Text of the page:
Crown rot is a nasty disease that affects many plants, mainly garden vegetables. This garden malady is caused by a fungus that sometimes develops in the soil when the location has experienced many heavy rains, flash floods, or other reasons for lots of lots of water in one location. Crown rot is very hard to notice, and once it has set in and the damage is done, there is nothing that you can do to bring the plant back from it. That means the only way to fight crown rot and win is by preventing this disease from ever damaging your garden in the first place.
How to Identify Crown Rot in Action
For the most part, crown rot goes unnoticed when it starts to affect its victim. If you look closely at an infected plant, you’ll be able to notice the signs of dry rot occurring near the crown or lower stem of the plant near the soil line. Other than this visual sign, symptoms of crown rot are often missed completely until the plant is beyond saving. Sometimes rotting will only appear on one side of the plant or on just the lateral branches before it spreads to the rest of the plant. As the rot sets in, the leaves and stems tend to become a bit discolored, turning tan or dark brown where the plant tissue has died due to the rot.
As the disease spreads, the plant will begin to wilt and die. The leaves may turn odd colors, such as yellow, purple, or red, and the growth of the plant usually becomes stunted. If crown rot has taken over at the base of a tree, dark areas develop on the bark near the crown and a dark sap runs out of the areas that are affected with the disease. This progression of the disease continues to take place even though affected plants may occasionally bloom, which sometimes leads gardeners to believe that the disease taking hold of their plants infected with crown rot isn’t serious. That’s one reason it’s so important to be familiar with the symptoms of crown rot and take action early.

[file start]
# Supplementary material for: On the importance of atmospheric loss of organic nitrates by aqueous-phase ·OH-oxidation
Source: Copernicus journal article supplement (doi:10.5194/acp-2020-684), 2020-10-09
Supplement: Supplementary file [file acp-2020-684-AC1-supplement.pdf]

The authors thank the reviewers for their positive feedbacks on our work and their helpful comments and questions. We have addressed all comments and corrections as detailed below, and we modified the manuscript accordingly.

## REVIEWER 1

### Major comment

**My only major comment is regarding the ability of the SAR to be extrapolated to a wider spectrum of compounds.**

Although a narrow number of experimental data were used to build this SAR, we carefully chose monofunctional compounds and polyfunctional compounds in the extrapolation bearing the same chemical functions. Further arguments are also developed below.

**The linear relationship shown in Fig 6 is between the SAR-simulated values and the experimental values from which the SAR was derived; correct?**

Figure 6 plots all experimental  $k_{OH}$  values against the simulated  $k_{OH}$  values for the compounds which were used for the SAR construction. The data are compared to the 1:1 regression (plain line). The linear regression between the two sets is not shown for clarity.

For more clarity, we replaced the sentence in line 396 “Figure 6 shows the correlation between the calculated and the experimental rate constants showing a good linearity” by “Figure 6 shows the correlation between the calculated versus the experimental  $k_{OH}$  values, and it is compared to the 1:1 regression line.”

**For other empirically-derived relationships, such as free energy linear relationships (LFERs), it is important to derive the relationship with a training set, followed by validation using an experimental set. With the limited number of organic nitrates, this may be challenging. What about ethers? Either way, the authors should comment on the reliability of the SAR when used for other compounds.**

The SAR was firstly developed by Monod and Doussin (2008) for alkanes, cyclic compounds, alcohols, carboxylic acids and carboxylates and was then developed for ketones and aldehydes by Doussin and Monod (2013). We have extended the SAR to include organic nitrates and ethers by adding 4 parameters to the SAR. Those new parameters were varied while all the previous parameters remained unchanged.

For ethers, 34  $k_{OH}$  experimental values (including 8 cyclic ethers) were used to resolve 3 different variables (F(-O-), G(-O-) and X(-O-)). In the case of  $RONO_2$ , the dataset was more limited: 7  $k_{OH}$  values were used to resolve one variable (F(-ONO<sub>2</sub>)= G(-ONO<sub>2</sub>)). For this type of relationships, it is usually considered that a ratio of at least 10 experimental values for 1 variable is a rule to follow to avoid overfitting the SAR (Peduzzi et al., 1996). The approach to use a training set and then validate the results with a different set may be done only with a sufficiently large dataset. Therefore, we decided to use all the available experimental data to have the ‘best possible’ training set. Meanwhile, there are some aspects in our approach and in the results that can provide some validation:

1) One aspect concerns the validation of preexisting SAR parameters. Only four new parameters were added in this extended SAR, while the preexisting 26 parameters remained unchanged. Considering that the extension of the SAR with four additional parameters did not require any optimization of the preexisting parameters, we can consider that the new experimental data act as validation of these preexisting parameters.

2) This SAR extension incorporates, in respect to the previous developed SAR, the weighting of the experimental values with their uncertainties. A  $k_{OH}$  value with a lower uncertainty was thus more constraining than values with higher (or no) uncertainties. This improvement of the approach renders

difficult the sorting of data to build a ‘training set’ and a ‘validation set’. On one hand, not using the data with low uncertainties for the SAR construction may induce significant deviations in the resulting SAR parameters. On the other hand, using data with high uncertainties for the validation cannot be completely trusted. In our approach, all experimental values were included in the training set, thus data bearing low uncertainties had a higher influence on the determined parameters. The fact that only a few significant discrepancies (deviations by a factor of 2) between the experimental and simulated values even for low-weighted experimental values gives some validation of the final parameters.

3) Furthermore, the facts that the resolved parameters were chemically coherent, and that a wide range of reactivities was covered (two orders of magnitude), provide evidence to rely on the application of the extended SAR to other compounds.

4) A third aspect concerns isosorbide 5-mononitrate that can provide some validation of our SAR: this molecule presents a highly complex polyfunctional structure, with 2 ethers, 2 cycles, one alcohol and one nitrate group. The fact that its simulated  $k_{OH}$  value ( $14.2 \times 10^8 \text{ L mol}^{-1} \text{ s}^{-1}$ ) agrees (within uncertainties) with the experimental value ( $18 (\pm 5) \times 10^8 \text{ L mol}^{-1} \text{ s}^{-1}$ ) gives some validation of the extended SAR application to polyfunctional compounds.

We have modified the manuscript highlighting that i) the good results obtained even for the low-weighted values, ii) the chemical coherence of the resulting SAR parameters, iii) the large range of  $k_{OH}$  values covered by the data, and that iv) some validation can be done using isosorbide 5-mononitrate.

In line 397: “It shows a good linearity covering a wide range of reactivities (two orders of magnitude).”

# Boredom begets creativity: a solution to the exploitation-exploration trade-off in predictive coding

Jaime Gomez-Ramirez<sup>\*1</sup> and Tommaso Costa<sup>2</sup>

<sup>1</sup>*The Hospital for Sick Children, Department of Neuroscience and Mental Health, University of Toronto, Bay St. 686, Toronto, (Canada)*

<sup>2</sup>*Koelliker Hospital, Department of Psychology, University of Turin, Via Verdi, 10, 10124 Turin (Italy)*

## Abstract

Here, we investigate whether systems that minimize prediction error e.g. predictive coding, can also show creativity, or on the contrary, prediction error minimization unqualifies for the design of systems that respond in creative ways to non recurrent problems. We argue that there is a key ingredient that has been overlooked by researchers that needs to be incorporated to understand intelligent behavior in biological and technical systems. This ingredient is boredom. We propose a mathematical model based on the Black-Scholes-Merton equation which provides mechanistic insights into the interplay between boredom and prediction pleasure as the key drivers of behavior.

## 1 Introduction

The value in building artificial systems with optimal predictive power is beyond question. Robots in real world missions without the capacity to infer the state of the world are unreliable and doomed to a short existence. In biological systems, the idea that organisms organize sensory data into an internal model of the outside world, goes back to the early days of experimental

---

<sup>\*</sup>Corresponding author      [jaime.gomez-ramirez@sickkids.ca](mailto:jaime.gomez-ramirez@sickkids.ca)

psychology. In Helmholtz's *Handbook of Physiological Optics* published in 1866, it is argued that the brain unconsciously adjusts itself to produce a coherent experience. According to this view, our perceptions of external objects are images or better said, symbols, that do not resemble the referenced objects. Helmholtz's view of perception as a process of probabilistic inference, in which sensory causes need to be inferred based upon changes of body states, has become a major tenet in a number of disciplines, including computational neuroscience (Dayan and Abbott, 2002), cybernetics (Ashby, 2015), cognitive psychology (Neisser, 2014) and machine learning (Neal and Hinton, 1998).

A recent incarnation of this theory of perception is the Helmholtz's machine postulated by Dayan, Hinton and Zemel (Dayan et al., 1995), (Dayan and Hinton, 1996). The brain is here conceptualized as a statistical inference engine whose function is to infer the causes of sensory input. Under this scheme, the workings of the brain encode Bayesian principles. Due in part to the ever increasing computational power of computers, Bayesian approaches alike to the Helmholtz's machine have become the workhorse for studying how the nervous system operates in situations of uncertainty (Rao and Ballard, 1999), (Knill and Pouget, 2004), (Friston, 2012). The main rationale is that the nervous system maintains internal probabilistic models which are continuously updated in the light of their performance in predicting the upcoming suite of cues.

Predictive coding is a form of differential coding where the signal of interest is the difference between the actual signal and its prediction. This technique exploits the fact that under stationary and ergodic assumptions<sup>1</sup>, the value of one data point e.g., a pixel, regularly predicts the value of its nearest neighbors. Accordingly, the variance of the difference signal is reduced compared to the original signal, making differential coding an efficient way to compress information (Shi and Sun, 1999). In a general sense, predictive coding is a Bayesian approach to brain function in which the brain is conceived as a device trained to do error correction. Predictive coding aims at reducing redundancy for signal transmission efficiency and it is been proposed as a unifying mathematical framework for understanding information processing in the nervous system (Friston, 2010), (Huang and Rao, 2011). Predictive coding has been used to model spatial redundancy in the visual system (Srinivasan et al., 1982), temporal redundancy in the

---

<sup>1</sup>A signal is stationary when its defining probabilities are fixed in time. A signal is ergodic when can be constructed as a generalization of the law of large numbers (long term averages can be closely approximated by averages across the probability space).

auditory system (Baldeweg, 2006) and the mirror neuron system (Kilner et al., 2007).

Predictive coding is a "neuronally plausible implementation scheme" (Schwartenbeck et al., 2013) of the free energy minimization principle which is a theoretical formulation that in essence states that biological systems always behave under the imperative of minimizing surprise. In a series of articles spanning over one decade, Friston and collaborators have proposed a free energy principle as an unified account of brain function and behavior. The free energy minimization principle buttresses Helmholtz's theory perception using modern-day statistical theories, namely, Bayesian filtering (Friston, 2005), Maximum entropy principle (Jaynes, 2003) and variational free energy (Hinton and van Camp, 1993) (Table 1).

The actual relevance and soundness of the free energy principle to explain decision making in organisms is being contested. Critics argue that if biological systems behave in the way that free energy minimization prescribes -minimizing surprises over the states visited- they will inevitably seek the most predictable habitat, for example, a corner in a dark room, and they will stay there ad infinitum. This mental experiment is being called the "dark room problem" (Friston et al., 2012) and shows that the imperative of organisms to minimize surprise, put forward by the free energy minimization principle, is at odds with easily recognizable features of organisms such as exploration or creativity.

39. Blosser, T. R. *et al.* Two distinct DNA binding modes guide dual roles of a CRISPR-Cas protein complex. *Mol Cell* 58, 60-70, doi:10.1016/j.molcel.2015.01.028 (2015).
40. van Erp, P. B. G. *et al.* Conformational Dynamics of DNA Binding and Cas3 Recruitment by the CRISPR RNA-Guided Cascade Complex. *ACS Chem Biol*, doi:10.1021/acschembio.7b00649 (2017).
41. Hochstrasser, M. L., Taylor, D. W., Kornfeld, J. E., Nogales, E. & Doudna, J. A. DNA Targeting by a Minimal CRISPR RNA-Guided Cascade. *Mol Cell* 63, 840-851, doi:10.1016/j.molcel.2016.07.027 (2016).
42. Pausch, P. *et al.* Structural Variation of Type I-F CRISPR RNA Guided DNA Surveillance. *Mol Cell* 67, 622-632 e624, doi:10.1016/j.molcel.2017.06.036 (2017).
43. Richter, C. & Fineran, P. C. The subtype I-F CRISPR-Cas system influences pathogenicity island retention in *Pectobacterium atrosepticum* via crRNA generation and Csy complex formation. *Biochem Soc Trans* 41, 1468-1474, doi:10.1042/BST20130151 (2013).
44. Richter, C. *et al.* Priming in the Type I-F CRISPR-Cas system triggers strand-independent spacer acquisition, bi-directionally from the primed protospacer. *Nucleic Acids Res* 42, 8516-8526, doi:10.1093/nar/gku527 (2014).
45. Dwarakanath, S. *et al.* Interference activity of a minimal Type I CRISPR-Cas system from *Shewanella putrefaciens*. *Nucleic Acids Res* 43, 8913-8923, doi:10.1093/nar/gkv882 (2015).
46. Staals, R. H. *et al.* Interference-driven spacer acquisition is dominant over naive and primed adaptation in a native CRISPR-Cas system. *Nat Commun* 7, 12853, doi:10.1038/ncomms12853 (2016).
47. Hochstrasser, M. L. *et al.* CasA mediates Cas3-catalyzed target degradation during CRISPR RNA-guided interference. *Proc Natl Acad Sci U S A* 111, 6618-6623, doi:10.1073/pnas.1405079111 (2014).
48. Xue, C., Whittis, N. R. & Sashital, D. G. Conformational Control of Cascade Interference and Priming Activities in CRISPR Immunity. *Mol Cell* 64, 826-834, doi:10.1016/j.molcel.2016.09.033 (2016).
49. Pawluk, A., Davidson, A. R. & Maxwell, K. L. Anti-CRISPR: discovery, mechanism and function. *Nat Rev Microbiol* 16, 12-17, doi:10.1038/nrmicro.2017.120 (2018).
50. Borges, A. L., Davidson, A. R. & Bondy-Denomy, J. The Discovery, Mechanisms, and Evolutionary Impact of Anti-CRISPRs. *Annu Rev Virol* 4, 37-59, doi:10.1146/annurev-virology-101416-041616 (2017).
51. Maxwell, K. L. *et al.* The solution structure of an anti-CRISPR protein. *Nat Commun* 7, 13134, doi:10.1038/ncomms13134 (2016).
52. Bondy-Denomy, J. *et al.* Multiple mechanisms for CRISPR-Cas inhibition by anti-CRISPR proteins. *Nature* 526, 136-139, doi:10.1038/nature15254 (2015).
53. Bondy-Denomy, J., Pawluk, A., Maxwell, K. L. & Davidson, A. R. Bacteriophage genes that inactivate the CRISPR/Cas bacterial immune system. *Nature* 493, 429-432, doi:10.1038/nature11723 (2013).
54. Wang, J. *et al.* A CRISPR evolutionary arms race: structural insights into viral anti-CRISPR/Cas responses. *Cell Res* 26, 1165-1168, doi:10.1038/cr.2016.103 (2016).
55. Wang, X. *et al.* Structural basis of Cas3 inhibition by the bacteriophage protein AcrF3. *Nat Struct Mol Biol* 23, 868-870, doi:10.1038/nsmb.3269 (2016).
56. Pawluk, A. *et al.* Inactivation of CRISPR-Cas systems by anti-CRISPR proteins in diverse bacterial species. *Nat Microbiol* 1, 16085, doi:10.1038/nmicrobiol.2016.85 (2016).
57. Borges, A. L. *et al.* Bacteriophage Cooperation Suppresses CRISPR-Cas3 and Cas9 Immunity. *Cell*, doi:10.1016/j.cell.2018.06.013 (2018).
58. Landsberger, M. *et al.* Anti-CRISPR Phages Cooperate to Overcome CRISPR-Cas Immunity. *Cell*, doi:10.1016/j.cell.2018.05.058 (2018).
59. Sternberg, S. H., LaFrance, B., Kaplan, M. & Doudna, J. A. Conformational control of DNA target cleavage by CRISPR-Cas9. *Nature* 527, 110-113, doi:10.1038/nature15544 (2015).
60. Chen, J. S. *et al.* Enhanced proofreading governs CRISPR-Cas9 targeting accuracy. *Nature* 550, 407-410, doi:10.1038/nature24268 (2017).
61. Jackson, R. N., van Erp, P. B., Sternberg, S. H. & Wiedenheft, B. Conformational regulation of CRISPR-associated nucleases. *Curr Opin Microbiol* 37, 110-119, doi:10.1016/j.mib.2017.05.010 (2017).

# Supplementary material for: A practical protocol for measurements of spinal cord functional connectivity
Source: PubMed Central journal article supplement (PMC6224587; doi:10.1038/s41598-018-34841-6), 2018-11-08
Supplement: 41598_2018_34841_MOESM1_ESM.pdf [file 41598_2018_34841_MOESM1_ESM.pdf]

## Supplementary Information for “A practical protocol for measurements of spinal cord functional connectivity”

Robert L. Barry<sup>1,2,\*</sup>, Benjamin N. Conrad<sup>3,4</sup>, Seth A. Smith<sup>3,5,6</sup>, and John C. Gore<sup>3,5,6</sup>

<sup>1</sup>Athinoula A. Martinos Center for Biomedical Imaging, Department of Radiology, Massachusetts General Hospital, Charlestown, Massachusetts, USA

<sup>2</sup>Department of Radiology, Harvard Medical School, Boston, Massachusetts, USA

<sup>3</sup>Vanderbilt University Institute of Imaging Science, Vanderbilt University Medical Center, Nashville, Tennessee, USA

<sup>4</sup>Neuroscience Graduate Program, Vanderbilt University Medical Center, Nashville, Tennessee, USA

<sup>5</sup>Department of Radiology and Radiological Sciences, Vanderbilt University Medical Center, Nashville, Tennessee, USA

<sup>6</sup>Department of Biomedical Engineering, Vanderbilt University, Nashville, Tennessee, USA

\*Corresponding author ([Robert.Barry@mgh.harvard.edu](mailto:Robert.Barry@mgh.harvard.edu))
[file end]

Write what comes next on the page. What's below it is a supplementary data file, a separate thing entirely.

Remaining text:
What to do if You Spot Crown Rot in Your Garden
Once the first signs of crown rot catch your eye, it’s best to go ahead and take action immediately. Pull all infected plants up immediately, and discard them carefully and quickly, before the outbreak spreads and starts to affect nearby plants. Sanitize the area thoroughly, and amend the soil in the affected area so that crown rot won’t come back to haunt you in the same place twice.
To amend your soil, add lots of rich, light soil to areas with heavy or clay-like soil until the mixture seems balanced with equal parts heavy and light soil. This mixture will provide the area with ample drainage in future rains. Watch out for overly wet soil around your garden’s plants and trees. Only water each plant when necessary, and let the top inch or two of soil dry out completely before you add any water. When it’s time to water, be sure to water deeply so that the root structure of the tree or plant gets the most out of it, which will allow you to conserve water by tending your garden less often.
How to Prevent the Spread of Crown Rot
Whatever tools you use to haul away infected soil must be washed and sanitized thoroughly. You don’t want to spend all this time and energy battling crown rot just to reinfect your garden with compromised tools. Use a wheelbarrow to haul off all contaminated soil, and make sure to wash it out afterward. Even the wheels of the wheelbarrow may have been contaminated, so be thorough and attend to all parts of the wheelbarrow when you clean it. Don’t forget to also clean and sanitize any of the digging tools you used to remove infected soil, as well as the shoes you were wearing when you carried out the task.